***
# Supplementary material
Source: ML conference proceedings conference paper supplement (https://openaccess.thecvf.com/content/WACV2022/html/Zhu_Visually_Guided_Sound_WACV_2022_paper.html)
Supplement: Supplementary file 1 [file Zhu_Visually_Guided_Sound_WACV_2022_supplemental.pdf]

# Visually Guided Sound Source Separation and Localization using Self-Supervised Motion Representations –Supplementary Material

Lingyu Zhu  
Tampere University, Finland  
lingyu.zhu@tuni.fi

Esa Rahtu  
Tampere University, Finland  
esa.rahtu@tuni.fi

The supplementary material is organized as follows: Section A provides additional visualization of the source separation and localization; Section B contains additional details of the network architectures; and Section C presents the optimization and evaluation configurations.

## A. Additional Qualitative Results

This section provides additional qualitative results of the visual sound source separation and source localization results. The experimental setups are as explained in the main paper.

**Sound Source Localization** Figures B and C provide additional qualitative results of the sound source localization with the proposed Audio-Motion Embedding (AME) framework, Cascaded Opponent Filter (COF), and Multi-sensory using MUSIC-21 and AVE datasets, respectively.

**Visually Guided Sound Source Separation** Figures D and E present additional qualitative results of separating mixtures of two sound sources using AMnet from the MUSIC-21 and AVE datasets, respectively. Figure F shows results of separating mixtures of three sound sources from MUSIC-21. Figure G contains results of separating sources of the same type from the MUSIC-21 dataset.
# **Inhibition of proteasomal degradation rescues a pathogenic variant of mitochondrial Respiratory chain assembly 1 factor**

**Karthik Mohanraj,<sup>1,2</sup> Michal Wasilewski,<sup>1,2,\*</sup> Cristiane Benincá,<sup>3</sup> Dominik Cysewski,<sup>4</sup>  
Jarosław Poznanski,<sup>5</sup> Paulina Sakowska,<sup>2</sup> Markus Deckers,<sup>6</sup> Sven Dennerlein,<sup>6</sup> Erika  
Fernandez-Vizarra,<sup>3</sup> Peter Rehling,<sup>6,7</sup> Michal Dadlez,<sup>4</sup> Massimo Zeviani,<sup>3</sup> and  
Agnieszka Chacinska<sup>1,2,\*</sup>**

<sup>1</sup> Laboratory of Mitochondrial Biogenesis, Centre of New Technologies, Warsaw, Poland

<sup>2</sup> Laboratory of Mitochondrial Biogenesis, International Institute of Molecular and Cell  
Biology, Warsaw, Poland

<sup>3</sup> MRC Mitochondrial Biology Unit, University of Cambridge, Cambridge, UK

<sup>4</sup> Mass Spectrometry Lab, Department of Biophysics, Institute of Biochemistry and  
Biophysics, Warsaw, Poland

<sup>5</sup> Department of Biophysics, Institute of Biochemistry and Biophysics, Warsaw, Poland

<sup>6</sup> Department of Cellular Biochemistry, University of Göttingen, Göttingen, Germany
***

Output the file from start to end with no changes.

# Supplementary material
Source: ML conference proceedings conference paper supplement (https://openaccess.thecvf.com/content/WACV2022/html/Zhu_Visually_Guided_Sound_WACV_2022_paper.html)
Supplement: Supplementary file 1 [file Zhu_Visually_Guided_Sound_WACV_2022_supplemental.pdf]

# Visually Guided Sound Source Separation and Localization using Self-Supervised Motion Representations –Supplementary Material

Lingyu Zhu  
Tampere University, Finland  
lingyu.zhu@tuni.fi

Esa Rahtu  
Tampere University, Finland  
esa.rahtu@tuni.fi

The supplementary material is organized as follows: Section A provides additional visualization of the source separation and localization; Section B contains additional details of the network architectures; and Section C presents the optimization and evaluation configurations.

## A. Additional Qualitative Results

This section provides additional qualitative results of the visual sound source separation and source localization results. The experimental setups are as explained in the main paper.

**Sound Source Localization** Figures B and C provide additional qualitative results of the sound source localization with the proposed Audio-Motion Embedding (AME) framework, Cascaded Opponent Filter (COF), and Multi-sensory using MUSIC-21 and AVE datasets, respectively.

**Visually Guided Sound Source Separation** Figures D and E present additional qualitative results of separating mixtures of two sound sources using AMnet from the MUSIC-21 and AVE datasets, respectively. Figure F shows results of separating mixtures of three sound sources from MUSIC-21. Figure G contains results of separating sources of the same type from the MUSIC-21 dataset.
# **Inhibition of proteasomal degradation rescues a pathogenic variant of mitochondrial Respiratory chain assembly 1 factor**

**Karthik Mohanraj,<sup>1,2</sup> Michal Wasilewski,<sup>1,2,\*</sup> Cristiane Benincá,<sup>3</sup> Dominik Cysewski,<sup>4</sup>  
Jarosław Poznanski,<sup>5</sup> Paulina Sakowska,<sup>2</sup> Markus Deckers,<sup>6</sup> Sven Dennerlein,<sup>6</sup> Erika  
Fernandez-Vizarra,<sup>3</sup> Peter Rehling,<sup>6,7</sup> Michal Dadlez,<sup>4</sup> Massimo Zeviani,<sup>3</sup> and  
Agnieszka Chacinska<sup>1,2,\*</sup>**

<sup>1</sup> Laboratory of Mitochondrial Biogenesis, Centre of New Technologies, Warsaw, Poland

<sup>2</sup> Laboratory of Mitochondrial Biogenesis, International Institute of Molecular and Cell  
Biology, Warsaw, Poland

<sup>3</sup> MRC Mitochondrial Biology Unit, University of Cambridge, Cambridge, UK

<sup>4</sup> Mass Spectrometry Lab, Department of Biophysics, Institute of Biochemistry and  
Biophysics, Warsaw, Poland

<sup>5</sup> Department of Biophysics, Institute of Biochemistry and Biophysics, Warsaw, Poland

<sup>6</sup> Department of Cellular Biochemistry, University of Göttingen, Göttingen, Germany